Pray The Jesus Prayer Wherever You Are

Two blind men follow Jesus, “crying aloud, ‘Have mercy on us, Son of David’” (Matt 9:27). And later they call him “Lord” (9:28). And Jesus opens their eyes. This is one of the scriptural roots of the Jesus Prayer.

Even those of us who can see with the eyes of the body are often spiritually blind. We do not know where we are going in life. We cannot see where God is in all of this. Note that the blind men were blind in body but that they could nonetheless follow Jesus from one place to another (Matt 9:27-28). Following Jesus set them on the right course. First, they followed. Then they could see. It is the same with us. If first we will follow Jesus (even for our whole earthly lives), then we will spiritually see.

Our vision of God’s presence in our lives will be 20/20 if we first live faithfully and then look back upon it. Perhaps we cannot always see where God is in our lives right now, but we know by faith that he is present and, if we follow him, he will give us eyes to see that he was with us all along. I have experienced this already in my own life. Most of the time, I know where God intends me to go only after I get there, like a blind man following him through the streets of the city.

But how can I begin or continue to follow Jesus if I am blind and do not see where he is? It would help then to call out to him, like the blind men do. I promise, it will help us just to call out his holy name – the name of Jesus. Let us pray the Jesus prayer:

 

Lord Jesus Christ, Son of God, have mercy on me, the sinner.

Can you hear how this is like the prayer of the blind men? “Have mercy on us, Son of David,” they pray. This is, as I say, one of the scriptural roots of the Jesus Prayer. There are also others:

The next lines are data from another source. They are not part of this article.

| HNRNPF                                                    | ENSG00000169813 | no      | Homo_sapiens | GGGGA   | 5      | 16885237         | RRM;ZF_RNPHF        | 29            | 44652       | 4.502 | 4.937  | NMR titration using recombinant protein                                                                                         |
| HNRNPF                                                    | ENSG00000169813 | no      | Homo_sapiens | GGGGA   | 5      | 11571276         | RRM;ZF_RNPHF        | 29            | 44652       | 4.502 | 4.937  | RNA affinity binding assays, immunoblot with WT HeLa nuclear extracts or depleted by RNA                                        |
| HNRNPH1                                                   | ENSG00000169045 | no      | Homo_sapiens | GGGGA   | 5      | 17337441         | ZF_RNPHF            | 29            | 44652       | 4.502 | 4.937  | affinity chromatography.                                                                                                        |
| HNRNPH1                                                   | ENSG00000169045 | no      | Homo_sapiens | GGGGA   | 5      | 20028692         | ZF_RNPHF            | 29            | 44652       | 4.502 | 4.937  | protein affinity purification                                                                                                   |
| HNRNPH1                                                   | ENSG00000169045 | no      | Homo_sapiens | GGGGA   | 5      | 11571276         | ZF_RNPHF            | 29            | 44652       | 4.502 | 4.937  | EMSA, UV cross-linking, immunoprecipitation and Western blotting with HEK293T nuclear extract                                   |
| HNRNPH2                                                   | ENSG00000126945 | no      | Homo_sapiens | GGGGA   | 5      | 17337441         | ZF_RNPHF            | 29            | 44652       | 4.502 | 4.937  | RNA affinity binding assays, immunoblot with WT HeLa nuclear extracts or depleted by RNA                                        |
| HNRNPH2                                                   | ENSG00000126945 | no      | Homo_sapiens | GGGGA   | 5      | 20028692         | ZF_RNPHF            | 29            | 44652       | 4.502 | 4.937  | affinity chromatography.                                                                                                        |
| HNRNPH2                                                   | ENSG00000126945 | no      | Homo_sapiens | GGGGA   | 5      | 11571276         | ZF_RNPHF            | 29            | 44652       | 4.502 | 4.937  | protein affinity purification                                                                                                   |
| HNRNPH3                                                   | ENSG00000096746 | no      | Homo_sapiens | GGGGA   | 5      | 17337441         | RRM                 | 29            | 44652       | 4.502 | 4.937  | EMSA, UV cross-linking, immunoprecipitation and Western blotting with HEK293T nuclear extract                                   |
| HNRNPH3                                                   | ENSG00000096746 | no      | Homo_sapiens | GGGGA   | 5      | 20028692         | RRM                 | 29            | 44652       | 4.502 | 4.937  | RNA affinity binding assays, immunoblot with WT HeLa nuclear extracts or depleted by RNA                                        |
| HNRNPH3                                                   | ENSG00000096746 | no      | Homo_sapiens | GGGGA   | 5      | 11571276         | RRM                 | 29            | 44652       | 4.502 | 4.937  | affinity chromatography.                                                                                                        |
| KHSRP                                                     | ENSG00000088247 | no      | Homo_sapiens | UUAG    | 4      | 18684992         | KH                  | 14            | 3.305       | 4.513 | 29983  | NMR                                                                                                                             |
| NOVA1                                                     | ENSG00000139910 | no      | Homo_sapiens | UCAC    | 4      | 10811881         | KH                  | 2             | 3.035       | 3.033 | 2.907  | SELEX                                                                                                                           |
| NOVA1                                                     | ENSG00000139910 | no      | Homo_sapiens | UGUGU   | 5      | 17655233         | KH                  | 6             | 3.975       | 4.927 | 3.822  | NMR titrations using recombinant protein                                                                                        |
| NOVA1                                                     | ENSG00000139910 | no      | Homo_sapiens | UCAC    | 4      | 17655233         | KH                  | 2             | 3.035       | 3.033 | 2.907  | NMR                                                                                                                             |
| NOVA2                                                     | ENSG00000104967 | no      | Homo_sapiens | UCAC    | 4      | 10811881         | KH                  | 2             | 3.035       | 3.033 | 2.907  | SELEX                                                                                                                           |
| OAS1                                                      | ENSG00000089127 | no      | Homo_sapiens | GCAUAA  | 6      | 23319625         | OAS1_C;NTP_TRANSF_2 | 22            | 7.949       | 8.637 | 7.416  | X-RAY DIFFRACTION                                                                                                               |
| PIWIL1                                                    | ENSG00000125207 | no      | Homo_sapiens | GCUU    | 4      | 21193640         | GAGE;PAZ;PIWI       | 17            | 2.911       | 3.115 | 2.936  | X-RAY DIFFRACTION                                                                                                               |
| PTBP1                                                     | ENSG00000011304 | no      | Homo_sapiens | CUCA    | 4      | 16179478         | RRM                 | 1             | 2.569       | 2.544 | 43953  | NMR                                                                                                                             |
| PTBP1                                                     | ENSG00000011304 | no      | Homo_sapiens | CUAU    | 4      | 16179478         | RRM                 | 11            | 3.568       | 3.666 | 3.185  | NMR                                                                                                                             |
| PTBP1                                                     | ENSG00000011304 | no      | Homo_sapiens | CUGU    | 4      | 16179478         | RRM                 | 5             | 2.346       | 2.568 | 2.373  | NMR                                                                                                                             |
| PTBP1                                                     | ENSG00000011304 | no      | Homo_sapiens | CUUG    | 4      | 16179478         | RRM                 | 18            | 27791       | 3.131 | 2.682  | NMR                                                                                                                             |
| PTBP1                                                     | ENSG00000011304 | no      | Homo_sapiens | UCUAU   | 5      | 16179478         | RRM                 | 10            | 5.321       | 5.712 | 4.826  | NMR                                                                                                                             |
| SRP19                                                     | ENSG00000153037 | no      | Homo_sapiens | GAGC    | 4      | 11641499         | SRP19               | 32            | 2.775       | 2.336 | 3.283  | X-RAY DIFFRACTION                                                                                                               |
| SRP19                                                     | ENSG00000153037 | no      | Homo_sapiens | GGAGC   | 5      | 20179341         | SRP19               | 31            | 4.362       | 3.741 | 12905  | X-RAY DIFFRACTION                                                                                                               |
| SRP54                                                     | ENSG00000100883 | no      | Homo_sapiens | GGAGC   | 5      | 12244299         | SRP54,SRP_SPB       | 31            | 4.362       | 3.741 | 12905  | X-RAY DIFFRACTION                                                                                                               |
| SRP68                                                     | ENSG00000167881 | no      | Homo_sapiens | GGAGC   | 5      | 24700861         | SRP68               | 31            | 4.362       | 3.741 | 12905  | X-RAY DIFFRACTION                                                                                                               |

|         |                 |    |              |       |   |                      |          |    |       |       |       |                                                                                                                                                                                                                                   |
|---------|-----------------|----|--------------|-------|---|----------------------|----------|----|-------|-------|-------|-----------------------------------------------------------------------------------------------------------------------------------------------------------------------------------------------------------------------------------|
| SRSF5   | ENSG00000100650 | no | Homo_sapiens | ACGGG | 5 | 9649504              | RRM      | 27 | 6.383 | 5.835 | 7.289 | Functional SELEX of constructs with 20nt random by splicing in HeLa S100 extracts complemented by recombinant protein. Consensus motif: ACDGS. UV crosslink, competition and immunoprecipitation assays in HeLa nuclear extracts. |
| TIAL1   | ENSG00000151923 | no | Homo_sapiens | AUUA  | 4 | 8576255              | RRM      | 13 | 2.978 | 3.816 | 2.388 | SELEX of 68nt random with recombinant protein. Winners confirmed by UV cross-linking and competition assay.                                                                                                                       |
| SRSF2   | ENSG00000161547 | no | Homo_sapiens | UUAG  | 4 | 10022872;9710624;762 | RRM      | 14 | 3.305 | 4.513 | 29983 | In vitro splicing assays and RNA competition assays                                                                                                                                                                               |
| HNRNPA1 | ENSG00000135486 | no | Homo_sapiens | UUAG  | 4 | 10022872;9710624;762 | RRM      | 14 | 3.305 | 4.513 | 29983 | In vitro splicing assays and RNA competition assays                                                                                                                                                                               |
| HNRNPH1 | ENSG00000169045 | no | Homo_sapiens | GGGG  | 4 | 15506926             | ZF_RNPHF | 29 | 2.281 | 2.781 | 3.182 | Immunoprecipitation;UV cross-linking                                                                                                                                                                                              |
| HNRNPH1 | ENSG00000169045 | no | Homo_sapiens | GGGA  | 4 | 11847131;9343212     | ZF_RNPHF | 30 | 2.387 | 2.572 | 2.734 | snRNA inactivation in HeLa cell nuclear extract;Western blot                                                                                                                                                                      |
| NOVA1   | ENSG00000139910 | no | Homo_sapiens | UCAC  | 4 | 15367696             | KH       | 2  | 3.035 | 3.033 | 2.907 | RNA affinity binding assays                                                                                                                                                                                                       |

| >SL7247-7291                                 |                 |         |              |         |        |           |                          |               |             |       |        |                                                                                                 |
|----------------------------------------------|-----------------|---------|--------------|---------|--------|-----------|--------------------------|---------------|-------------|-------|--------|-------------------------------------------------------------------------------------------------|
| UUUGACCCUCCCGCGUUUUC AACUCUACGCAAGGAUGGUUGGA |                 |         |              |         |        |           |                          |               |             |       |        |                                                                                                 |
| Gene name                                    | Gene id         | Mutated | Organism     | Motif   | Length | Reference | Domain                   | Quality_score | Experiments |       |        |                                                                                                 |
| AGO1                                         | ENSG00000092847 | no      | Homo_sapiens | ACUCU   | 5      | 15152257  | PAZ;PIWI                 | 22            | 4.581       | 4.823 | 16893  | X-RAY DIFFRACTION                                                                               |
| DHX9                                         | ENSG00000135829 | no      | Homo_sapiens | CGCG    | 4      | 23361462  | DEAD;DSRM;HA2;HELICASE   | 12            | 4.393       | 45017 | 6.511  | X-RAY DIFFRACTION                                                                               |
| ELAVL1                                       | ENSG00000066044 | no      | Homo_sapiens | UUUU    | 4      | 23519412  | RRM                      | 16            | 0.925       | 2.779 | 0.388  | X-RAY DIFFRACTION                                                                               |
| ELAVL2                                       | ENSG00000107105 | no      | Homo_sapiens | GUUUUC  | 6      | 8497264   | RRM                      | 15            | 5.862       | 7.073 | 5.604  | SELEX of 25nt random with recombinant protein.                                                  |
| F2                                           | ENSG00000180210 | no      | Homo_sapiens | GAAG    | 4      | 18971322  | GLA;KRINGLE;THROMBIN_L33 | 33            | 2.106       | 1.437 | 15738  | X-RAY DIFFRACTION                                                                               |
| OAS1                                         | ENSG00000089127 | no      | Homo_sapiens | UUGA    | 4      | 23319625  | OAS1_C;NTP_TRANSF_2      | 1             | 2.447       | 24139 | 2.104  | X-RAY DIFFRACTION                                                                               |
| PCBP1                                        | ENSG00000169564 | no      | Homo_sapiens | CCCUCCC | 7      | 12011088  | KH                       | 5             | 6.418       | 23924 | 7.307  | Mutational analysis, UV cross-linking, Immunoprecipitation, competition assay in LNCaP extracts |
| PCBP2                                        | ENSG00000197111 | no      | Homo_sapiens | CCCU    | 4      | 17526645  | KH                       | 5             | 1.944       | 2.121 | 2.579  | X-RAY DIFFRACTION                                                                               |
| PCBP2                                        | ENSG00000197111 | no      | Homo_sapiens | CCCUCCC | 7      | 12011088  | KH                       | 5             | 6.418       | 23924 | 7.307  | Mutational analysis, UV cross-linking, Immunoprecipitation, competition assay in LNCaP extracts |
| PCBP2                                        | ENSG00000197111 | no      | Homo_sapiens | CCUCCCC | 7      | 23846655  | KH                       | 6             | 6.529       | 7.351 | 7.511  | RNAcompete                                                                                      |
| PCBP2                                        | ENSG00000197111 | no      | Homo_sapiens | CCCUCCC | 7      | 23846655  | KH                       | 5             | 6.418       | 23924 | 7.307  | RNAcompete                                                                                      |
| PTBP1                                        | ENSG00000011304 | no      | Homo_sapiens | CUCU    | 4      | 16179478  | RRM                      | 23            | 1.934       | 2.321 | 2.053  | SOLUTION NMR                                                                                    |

• Another blind man sits outside of Jericho and similarly calls out to Jesus: “Jesus, Son of David, have mercy on me!” (Mark 10:47; Luke 18:38; cf Matt 20:30–31).
  • The publican (unlike the Pharisee in Jesus’ parable) shows us how to pray when he bows his head, beats his breast, and says, “God, be merciful to me, the sinner” (Luke 18:13).
  • In a village between Samaria and Galilee, ten lepers stand at a distance, lift up their voices and say, “Jesus, Master, have mercy on us” (Luke 17:13).

From these examples, I think we can see that the prayer of Jesus has been with us from the very beginning of Christianity. From these scriptural roots, the prayer developed further.

The Desert Fathers and Mothers of Egypt would frequently repeat short and simple prayers like these – “arrow prayers” we sometimes call them because, as St. Augustine observed, “the brethren of Egypt offer prayers that are frequent but very brief and suddenly shot forth” – rather like an arrow meant to pierce heaven.

Of these short prayers, St. Diadochus recommends we constantly repeat the utterly simple prayer, “Lord Jesus.” The frequent repetition of the divine name of Jesus serves as a constant reminder of his divine presence with us and helps us fulfill St. Paul’s instruction that we pray unceasingly (1 Thessalonians 5:17).

We are beset constantly by distracting thoughts and temptations, which threaten to remove remembrance of God from our minds and hearts. A short and simple prayer like this, that can be called upon at any moment and for any need, is a powerful tool against these thoughts and temptations. The prayer must be as constant as are the thoughts. It must be unceasing.

There are many ways to approach unceasing prayer. The Jesus Prayer is not the only way, but it is a great help and it may be the best way.